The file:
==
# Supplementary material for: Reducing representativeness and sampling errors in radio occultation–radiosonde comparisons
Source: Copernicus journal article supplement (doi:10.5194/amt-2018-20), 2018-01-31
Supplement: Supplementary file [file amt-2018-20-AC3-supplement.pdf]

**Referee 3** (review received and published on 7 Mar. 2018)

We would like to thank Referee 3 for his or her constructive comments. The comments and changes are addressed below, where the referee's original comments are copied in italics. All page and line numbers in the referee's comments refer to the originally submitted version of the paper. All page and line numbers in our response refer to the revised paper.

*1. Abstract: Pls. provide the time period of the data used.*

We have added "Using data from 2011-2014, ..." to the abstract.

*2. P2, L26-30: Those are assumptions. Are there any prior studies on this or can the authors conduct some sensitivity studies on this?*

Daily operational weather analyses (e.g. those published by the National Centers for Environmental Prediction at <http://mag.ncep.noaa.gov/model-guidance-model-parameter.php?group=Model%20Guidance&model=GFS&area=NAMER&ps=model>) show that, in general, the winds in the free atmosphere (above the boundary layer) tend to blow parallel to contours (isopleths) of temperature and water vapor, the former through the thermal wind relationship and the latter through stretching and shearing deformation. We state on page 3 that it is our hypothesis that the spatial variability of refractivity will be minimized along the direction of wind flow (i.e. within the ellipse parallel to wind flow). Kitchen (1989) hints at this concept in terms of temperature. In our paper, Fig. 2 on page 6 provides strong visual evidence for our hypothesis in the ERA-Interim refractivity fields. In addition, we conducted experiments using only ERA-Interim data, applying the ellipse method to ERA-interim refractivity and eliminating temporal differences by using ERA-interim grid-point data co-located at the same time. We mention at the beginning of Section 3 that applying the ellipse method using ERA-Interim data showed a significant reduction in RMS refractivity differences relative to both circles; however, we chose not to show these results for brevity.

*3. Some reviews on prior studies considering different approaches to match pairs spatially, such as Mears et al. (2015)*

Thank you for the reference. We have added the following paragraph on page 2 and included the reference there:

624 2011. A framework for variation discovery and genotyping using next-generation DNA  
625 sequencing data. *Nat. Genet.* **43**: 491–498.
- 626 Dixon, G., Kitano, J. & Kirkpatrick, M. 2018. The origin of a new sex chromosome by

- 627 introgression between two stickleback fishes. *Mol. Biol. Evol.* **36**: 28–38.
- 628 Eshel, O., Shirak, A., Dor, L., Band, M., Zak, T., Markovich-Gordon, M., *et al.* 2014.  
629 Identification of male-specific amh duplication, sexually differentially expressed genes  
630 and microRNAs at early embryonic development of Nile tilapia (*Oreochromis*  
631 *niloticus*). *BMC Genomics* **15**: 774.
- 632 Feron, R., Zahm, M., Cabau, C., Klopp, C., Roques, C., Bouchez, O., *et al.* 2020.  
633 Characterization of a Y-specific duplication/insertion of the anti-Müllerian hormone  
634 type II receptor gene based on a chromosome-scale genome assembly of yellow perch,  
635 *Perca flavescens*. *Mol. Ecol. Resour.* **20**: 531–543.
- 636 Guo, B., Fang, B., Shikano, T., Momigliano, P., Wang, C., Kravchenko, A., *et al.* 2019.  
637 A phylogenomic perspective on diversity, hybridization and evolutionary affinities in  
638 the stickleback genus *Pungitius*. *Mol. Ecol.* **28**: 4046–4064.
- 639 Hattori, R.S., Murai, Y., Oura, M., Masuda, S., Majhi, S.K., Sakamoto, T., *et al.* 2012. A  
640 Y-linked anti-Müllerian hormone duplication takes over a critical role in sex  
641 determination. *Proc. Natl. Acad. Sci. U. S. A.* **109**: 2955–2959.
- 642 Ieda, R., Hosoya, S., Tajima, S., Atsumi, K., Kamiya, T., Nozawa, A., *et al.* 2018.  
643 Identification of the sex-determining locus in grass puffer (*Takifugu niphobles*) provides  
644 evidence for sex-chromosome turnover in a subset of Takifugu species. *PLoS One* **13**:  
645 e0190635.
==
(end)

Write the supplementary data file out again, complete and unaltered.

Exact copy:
# Supplementary material for: Reducing representativeness and sampling errors in radio occultation–radiosonde comparisons
Source: Copernicus journal article supplement (doi:10.5194/amt-2018-20), 2018-01-31
Supplement: Supplementary file [file amt-2018-20-AC3-supplement.pdf]

**Referee 3** (review received and published on 7 Mar. 2018)

We would like to thank Referee 3 for his or her constructive comments. The comments and changes are addressed below, where the referee's original comments are copied in italics. All page and line numbers in the referee's comments refer to the originally submitted version of the paper. All page and line numbers in our response refer to the revised paper.

*1. Abstract: Pls. provide the time period of the data used.*

We have added "Using data from 2011-2014, ..." to the abstract.

*2. P2, L26-30: Those are assumptions. Are there any prior studies on this or can the authors conduct some sensitivity studies on this?*

Daily operational weather analyses (e.g. those published by the National Centers for Environmental Prediction at <http://mag.ncep.noaa.gov/model-guidance-model-parameter.php?group=Model%20Guidance&model=GFS&area=NAMER&ps=model>) show that, in general, the winds in the free atmosphere (above the boundary layer) tend to blow parallel to contours (isopleths) of temperature and water vapor, the former through the thermal wind relationship and the latter through stretching and shearing deformation. We state on page 3 that it is our hypothesis that the spatial variability of refractivity will be minimized along the direction of wind flow (i.e. within the ellipse parallel to wind flow). Kitchen (1989) hints at this concept in terms of temperature. In our paper, Fig. 2 on page 6 provides strong visual evidence for our hypothesis in the ERA-Interim refractivity fields. In addition, we conducted experiments using only ERA-Interim data, applying the ellipse method to ERA-interim refractivity and eliminating temporal differences by using ERA-interim grid-point data co-located at the same time. We mention at the beginning of Section 3 that applying the ellipse method using ERA-Interim data showed a significant reduction in RMS refractivity differences relative to both circles; however, we chose not to show these results for brevity.

*3. Some reviews on prior studies considering different approaches to match pairs spatially, such as Mears et al. (2015)*

Thank you for the reference. We have added the following paragraph on page 2 and included the reference there:

624 2011. A framework for variation discovery and genotyping using next-generation DNA  
625 sequencing data. *Nat. Genet.* **43**: 491–498.
- 626 Dixon, G., Kitano, J. & Kirkpatrick, M. 2018. The origin of a new sex chromosome by

- 627 introgression between two stickleback fishes. *Mol. Biol. Evol.* **36**: 28–38.
- 628 Eshel, O., Shirak, A., Dor, L., Band, M., Zak, T., Markovich-Gordon, M., *et al.* 2014.  
629 Identification of male-specific amh duplication, sexually differentially expressed genes  
630 and microRNAs at early embryonic development of Nile tilapia (*Oreochromis*  
631 *niloticus*). *BMC Genomics* **15**: 774.
- 632 Feron, R., Zahm, M., Cabau, C., Klopp, C., Roques, C., Bouchez, O., *et al.* 2020.  
633 Characterization of a Y-specific duplication/insertion of the anti-Müllerian hormone  
634 type II receptor gene based on a chromosome-scale genome assembly of yellow perch,  
635 *Perca flavescens*. *Mol. Ecol. Resour.* **20**: 531–543.
- 636 Guo, B., Fang, B., Shikano, T., Momigliano, P., Wang, C., Kravchenko, A., *et al.* 2019.  
637 A phylogenomic perspective on diversity, hybridization and evolutionary affinities in  
638 the stickleback genus *Pungitius*. *Mol. Ecol.* **28**: 4046–4064.
- 639 Hattori, R.S., Murai, Y., Oura, M., Masuda, S., Majhi, S.K., Sakamoto, T., *et al.* 2012. A  
640 Y-linked anti-Müllerian hormone duplication takes over a critical role in sex  
641 determination. *Proc. Natl. Acad. Sci. U. S. A.* **109**: 2955–2959.
- 642 Ieda, R., Hosoya, S., Tajima, S., Atsumi, K., Kamiya, T., Nozawa, A., *et al.* 2018.  
643 Identification of the sex-determining locus in grass puffer (*Takifugu niphobles*) provides  
644 evidence for sex-chromosome turnover in a subset of Takifugu species. *PLoS One* **13**:  
645 e0190635.